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- Research Note: Number of People in Families With Below-Poverty Earnings Has Soared, Especially Among Black and Latino Individuals
Research Note: Number of People in Families With Below-Poverty Earnings Has Soared, Especially Among Black and Latino Individuals
July 15, 2020
About 65 million non-elderly individuals lived in families with combined weekly earnings below the poverty line in June, CBPP analysis of new Census Bureau data shows — far above the pre-pandemic (February) level of 51 million, though below the April figure of roughly 75 million. (See Figure 1 and Table 1.)
The Bureau of Labor Statistics’ official monthly statistics on the record losses in jobs and wages show the pandemic’s devastating impact on workers as individuals. But they don’t directly show what this means for families’ ability to make ends meet. Our new analysis shows the extent to which families have lost earning power and may now need government help in order to meet basic needs. Government assistance is likely keeping many families’ total income (including government benefits such as unemployment assistance) above the poverty line.
From February to June 2020:
- The number of non-elderly individuals living in families with combined weekly earnings below the poverty line rose by 14.1 million (28 percent), from 51.0 million to 65.1 million.
- The number of non-elderly individuals with no family earnings rose by 13.3 million (43 percent), from 31.3 million to 44.7 million.
- Among non-elderly Black and Latino individuals, the number with below-poverty family earnings rose by 3.6 million (40 percent) and 4.0 million (34 percent), respectively. Among non-elderly, non-Latino whites, the increase was 4.4 million (17 percent).
- The number of children in families with below-poverty earnings rose by 4.9 million (34 percent), from 14.4 million to 19.4 million.
Between June 2019 and June 2020, the number of non-elderly individuals with below-poverty family earnings rose by nearly 10 million. (“Earnings” refers to pay from work and does not include other sources of income, such as interest payments, child support, Social Security, or unemployment insurance benefits. Census traditionally measures poverty based on questions about this broader range of income sources, but those data are not yet available for 2020.)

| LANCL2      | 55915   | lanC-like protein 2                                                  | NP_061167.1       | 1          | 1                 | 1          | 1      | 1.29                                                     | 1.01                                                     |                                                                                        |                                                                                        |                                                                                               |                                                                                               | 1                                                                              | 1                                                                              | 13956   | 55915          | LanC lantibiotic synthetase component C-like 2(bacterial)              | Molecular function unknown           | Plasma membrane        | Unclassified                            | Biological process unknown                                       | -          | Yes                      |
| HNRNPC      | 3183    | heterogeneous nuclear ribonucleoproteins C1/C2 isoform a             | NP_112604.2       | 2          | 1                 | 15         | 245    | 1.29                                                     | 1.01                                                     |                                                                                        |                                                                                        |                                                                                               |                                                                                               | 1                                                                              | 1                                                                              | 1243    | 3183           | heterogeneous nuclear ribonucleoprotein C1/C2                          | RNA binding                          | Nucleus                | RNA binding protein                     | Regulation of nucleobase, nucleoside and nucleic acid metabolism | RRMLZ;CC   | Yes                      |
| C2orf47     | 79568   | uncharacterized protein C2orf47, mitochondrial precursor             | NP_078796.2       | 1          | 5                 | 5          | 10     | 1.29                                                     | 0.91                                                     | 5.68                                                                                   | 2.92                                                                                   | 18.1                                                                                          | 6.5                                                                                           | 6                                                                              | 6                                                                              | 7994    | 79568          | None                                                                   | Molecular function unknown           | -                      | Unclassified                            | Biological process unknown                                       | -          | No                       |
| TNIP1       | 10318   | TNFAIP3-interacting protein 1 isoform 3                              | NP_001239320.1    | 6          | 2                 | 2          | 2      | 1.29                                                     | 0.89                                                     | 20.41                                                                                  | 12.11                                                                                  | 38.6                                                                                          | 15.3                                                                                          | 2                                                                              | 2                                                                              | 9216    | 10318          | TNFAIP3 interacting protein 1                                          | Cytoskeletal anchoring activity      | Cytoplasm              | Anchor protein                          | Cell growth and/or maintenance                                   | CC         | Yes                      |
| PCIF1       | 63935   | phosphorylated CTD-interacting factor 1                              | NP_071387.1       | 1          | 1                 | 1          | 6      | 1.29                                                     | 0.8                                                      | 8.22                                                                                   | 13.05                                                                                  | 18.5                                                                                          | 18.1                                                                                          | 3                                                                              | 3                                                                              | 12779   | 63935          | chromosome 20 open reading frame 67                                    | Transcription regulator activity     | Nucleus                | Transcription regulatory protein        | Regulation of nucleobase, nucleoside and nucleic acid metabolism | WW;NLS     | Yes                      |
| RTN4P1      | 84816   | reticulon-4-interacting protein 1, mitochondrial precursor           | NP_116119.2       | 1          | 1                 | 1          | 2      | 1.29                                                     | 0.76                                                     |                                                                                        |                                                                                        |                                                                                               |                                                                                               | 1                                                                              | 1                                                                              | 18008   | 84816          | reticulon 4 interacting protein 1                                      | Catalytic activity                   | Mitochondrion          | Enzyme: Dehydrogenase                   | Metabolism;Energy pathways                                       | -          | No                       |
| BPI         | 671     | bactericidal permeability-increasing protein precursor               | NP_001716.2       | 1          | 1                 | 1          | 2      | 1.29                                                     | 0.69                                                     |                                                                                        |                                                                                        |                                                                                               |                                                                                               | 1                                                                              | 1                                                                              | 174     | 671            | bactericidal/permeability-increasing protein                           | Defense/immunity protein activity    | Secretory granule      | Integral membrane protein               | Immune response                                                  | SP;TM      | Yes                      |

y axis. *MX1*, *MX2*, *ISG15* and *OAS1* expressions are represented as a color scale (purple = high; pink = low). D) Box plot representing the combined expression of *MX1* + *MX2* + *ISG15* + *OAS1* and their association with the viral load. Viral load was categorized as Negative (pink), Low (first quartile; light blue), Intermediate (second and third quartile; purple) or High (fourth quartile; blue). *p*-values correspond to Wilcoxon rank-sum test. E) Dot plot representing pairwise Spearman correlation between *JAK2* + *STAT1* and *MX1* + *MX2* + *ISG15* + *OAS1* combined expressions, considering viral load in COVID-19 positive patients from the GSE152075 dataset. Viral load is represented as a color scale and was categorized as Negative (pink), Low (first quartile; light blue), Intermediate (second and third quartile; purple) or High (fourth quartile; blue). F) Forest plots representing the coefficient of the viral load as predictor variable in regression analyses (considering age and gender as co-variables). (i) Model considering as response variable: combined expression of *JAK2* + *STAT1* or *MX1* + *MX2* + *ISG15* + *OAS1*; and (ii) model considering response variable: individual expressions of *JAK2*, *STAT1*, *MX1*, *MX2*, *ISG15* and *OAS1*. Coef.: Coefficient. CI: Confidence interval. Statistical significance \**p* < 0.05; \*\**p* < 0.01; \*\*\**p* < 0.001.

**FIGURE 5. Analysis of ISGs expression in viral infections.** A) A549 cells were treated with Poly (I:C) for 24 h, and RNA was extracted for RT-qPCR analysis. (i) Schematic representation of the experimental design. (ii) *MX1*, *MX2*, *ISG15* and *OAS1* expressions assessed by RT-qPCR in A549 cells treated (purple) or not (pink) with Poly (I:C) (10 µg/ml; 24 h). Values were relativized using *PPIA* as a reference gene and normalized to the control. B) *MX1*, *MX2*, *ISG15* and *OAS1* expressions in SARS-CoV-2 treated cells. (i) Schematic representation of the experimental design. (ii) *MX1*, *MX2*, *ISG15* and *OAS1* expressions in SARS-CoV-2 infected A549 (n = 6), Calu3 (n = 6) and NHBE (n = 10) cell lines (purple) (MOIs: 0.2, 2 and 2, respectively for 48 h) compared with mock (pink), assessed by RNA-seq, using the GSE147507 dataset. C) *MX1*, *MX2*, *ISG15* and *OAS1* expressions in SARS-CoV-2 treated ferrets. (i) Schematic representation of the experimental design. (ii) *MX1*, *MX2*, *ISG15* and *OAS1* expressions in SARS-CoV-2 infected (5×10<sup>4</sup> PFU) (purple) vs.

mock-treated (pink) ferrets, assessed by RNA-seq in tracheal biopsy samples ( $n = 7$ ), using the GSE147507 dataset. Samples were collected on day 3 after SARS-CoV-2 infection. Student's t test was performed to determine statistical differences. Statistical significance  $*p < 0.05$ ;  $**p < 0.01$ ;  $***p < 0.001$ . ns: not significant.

Many of these families with below-poverty earnings are now receiving help from relief measures, including expanded unemployment and SNAP benefits. But the relief measures enacted to date, including those boosting unemployment benefits and expanding eligibility, are slated to expire in coming months, while the Congressional Budget Office and others project that unemployment will remain high through 2021.
The new data are for the week of June 7 and thus predate the worrisome increases in coronavirus cases that have led some states to reimpose public health restrictions, which could produce more earnings losses.
Our analysis also shows that the current recession has hit people of color the hardest. (See Figure 2 and Table 2.) Of special note, Black and Latino workers not only are overrepresented in some of the most-affected industries, but were already at a disadvantage when the recession started due to the nation’s long history of inequitable policies and practices in employment, education, and housing. All racial and ethnic groups have experienced sharp earnings losses, but the share of the non-elderly population living with below-poverty earnings started higher and rose more for Black and Latino individuals than for white individuals. From February to June 2020, the share of non-elderly individuals living with below-poverty family earnings:
- Rose by 10.8 percentage points among Black individuals, from 26.9 percent to 37.7 percent;
- Rose by 7.8 percentage points among Latino individuals, from 22.9 percent to 30.6 percent;
- Rose by 3.2 percentage points among non-Latino white individuals, from 17.7 percent to 20.8 percent.
Among non-elderly Asian individuals, the share living in weekly earnings poverty started lower than for non-elderly, non-Latino white individuals but rose more, by 12.0 percentage points from February to June.